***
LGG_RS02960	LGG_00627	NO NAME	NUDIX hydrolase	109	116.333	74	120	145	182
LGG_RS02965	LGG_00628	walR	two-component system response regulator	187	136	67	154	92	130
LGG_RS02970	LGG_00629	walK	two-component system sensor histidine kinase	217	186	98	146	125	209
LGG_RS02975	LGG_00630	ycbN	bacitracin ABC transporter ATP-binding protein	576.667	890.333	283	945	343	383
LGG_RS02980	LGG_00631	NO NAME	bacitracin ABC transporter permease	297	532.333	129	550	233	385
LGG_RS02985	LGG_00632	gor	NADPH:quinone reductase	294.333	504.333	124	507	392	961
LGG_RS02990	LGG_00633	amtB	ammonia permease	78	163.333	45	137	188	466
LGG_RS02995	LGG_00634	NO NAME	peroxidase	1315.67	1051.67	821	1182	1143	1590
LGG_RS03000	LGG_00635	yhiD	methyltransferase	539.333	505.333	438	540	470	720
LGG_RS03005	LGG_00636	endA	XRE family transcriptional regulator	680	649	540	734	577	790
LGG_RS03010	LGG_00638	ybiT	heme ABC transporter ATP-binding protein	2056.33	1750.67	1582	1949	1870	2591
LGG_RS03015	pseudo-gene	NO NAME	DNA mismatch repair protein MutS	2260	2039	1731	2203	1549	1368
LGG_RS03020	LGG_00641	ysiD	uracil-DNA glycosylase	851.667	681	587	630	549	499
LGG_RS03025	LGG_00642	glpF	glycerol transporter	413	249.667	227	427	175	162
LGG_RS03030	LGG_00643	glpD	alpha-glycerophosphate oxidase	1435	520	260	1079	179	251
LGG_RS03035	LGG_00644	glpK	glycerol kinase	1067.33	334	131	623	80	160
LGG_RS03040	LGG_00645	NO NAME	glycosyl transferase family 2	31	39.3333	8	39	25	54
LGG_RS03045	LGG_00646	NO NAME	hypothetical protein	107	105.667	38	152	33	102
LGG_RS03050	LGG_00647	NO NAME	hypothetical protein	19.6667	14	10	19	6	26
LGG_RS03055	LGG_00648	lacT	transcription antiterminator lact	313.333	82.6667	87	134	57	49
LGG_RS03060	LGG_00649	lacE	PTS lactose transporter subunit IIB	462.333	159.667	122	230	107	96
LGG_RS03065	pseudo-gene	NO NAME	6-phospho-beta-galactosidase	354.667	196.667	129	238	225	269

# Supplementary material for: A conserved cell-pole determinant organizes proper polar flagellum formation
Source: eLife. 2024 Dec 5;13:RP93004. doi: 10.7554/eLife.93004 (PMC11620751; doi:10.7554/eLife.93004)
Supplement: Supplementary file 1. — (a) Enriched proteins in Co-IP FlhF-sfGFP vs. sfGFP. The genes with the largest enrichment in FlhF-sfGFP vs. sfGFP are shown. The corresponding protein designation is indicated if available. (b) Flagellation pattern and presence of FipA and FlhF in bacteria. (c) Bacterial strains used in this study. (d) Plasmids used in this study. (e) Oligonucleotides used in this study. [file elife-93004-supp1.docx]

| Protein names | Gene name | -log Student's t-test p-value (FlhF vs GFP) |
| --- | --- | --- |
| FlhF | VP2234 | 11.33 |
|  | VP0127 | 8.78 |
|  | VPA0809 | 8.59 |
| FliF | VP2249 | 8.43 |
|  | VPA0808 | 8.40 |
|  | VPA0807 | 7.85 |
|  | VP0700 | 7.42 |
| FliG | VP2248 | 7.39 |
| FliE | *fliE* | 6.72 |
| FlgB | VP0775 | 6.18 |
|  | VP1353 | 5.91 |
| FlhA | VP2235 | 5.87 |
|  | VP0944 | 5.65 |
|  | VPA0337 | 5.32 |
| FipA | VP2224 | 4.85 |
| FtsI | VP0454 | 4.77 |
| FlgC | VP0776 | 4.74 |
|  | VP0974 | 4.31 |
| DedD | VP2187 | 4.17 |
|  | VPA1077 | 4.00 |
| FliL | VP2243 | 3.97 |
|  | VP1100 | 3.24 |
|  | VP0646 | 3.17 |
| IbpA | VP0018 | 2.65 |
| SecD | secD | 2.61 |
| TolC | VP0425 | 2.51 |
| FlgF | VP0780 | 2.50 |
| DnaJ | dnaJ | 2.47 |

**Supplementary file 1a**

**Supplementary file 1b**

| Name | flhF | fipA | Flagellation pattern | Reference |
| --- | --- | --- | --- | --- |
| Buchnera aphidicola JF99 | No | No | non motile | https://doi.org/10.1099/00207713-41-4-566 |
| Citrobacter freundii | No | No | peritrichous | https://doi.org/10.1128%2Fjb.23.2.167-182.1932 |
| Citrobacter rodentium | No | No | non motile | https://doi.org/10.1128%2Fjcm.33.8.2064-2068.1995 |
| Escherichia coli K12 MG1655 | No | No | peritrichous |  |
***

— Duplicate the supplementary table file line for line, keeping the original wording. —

LGG_RS02960	LGG_00627	NO NAME	NUDIX hydrolase	109	116.333	74	120	145	182
LGG_RS02965	LGG_00628	walR	two-component system response regulator	187	136	67	154	92	130
LGG_RS02970	LGG_00629	walK	two-component system sensor histidine kinase	217	186	98	146	125	209
LGG_RS02975	LGG_00630	ycbN	bacitracin ABC transporter ATP-binding protein	576.667	890.333	283	945	343	383
LGG_RS02980	LGG_00631	NO NAME	bacitracin ABC transporter permease	297	532.333	129	550	233	385
LGG_RS02985	LGG_00632	gor	NADPH:quinone reductase	294.333	504.333	124	507	392	961
LGG_RS02990	LGG_00633	amtB	ammonia permease	78	163.333	45	137	188	466
LGG_RS02995	LGG_00634	NO NAME	peroxidase	1315.67	1051.67	821	1182	1143	1590
LGG_RS03000	LGG_00635	yhiD	methyltransferase	539.333	505.333	438	540	470	720
LGG_RS03005	LGG_00636	endA	XRE family transcriptional regulator	680	649	540	734	577	790
LGG_RS03010	LGG_00638	ybiT	heme ABC transporter ATP-binding protein	2056.33	1750.67	1582	1949	1870	2591
LGG_RS03015	pseudo-gene	NO NAME	DNA mismatch repair protein MutS	2260	2039	1731	2203	1549	1368
LGG_RS03020	LGG_00641	ysiD	uracil-DNA glycosylase	851.667	681	587	630	549	499
LGG_RS03025	LGG_00642	glpF	glycerol transporter	413	249.667	227	427	175	162
LGG_RS03030	LGG_00643	glpD	alpha-glycerophosphate oxidase	1435	520	260	1079	179	251
LGG_RS03035	LGG_00644	glpK	glycerol kinase	1067.33	334	131	623	80	160
LGG_RS03040	LGG_00645	NO NAME	glycosyl transferase family 2	31	39.3333	8	39	25	54
LGG_RS03045	LGG_00646	NO NAME	hypothetical protein	107	105.667	38	152	33	102
LGG_RS03050	LGG_00647	NO NAME	hypothetical protein	19.6667	14	10	19	6	26
LGG_RS03055	LGG_00648	lacT	transcription antiterminator lact	313.333	82.6667	87	134	57	49
LGG_RS03060	LGG_00649	lacE	PTS lactose transporter subunit IIB	462.333	159.667	122	230	107	96
LGG_RS03065	pseudo-gene	NO NAME	6-phospho-beta-galactosidase	354.667	196.667	129	238	225	269

# Supplementary material for: A conserved cell-pole determinant organizes proper polar flagellum formation
Source: eLife. 2024 Dec 5;13:RP93004. doi: 10.7554/eLife.93004 (PMC11620751; doi:10.7554/eLife.93004)
Supplement: Supplementary file 1. — (a) Enriched proteins in Co-IP FlhF-sfGFP vs. sfGFP. The genes with the largest enrichment in FlhF-sfGFP vs. sfGFP are shown. The corresponding protein designation is indicated if available. (b) Flagellation pattern and presence of FipA and FlhF in bacteria. (c) Bacterial strains used in this study. (d) Plasmids used in this study. (e) Oligonucleotides used in this study. [file elife-93004-supp1.docx]

| Protein names | Gene name | -log Student's t-test p-value (FlhF vs GFP) |
| --- | --- | --- |
| FlhF | VP2234 | 11.33 |
|  | VP0127 | 8.78 |
|  | VPA0809 | 8.59 |
| FliF | VP2249 | 8.43 |
|  | VPA0808 | 8.40 |
|  | VPA0807 | 7.85 |
|  | VP0700 | 7.42 |
| FliG | VP2248 | 7.39 |
| FliE | *fliE* | 6.72 |
| FlgB | VP0775 | 6.18 |
|  | VP1353 | 5.91 |
| FlhA | VP2235 | 5.87 |
|  | VP0944 | 5.65 |
|  | VPA0337 | 5.32 |
| FipA | VP2224 | 4.85 |
| FtsI | VP0454 | 4.77 |
| FlgC | VP0776 | 4.74 |
|  | VP0974 | 4.31 |
| DedD | VP2187 | 4.17 |
|  | VPA1077 | 4.00 |
| FliL | VP2243 | 3.97 |
|  | VP1100 | 3.24 |
|  | VP0646 | 3.17 |
| IbpA | VP0018 | 2.65 |
| SecD | secD | 2.61 |
| TolC | VP0425 | 2.51 |
| FlgF | VP0780 | 2.50 |
| DnaJ | dnaJ | 2.47 |

**Supplementary file 1a**

**Supplementary file 1b**

| Name | flhF | fipA | Flagellation pattern | Reference |
| --- | --- | --- | --- | --- |
| Buchnera aphidicola JF99 | No | No | non motile | https://doi.org/10.1099/00207713-41-4-566 |
| Citrobacter freundii | No | No | peritrichous | https://doi.org/10.1128%2Fjb.23.2.167-182.1932 |
| Citrobacter rodentium | No | No | non motile | https://doi.org/10.1128%2Fjcm.33.8.2064-2068.1995 |
| Escherichia coli K12 MG1655 | No | No | peritrichous |  |